Charter Communications is asking the California Public Utilities Commission for permission to buy cable systems belonging to Time Warner and Bright House Networks. Yesterday saw the opening round of wrangling over the transaction, with a CPUC administrative law judge hearing from lawyers representing the companies involved on the one side, and representatives from the CPUC’s office of ratepayer advocates, consumer lobbying groups and a couple of cities on the other (full disclosure: one of those representatives was me).
Charter claims that the merger will bring great benefits to everyone in its prospective new service area, particularly because of the wonderfulness of its broadband service. Except that not everyone in its service area – old or new – can get broadband access from Charter. The company has redlined tens of thousands of low income people in California, leaving them with just low quality, analog television service. That includes the City of Gonzales in the Salinas Valley, which asked for and received permission to become a party to the proceeding.
According to its formal motion…
The City of Gonzales intends to request the California Public Utilities Commission condition the pending action to insure the intent of DIVCA is met, correct the record regarding the extent of Charter’s broadband Internet access service footprint and condition the pending action on a binding requirement that Charter immediately upgrade all of its analog and otherwise substandard systems to be capable of providing broadband Internet access service at the same level of service it misleadingly claims to offer to “virtually all of its current customers in California.”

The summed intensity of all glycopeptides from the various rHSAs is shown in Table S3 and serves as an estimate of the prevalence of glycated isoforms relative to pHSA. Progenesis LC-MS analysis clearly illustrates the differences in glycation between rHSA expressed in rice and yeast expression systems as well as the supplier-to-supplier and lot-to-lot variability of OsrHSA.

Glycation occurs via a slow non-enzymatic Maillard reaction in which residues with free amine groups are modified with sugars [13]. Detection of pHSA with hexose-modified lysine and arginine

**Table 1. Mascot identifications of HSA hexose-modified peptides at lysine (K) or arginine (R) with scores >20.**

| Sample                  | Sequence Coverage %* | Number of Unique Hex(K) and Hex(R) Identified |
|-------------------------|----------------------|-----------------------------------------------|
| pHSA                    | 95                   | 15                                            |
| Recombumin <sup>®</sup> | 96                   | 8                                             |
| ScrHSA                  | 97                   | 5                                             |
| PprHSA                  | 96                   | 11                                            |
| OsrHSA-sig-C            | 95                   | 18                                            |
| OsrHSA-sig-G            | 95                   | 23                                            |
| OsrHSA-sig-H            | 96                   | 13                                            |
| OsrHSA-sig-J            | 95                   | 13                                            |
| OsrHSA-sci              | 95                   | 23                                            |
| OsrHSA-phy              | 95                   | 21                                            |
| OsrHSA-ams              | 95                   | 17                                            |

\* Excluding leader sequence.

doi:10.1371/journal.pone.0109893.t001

Charter’s attorney pushed the judge for quick approval, saying that there really isn’t much for the State of California to worry about since the major issues will be thrashed out at the Federal Communications Commission. Not surprisingly, there was fast and emphatic disagreement from people on the other side, who offered essentially the same arguments made in opposition to Comcast’s failed mega-merger earlier this year: the deal is potentially anticompetitive, it could have negative consequences for consumers and, critically, that state and federal law allow, if not require, the CPUC to consider a wide range of factors in its eventual decision, including the impact on broadband service in California.
No decision was made, nor was one expected. The judge did order Charter to pay for an evaluation of the deal’s effect on broadband competition in California. The next step will be to set a timeline for the process, which is expected to last well into next year.
I’m assisting the City of Gonzales with its effort to upgrade broadband service for all its residents. I am not a disinterested commentator, and I’m also guilty of quoting some of my own work above. Take it for what it’s worth.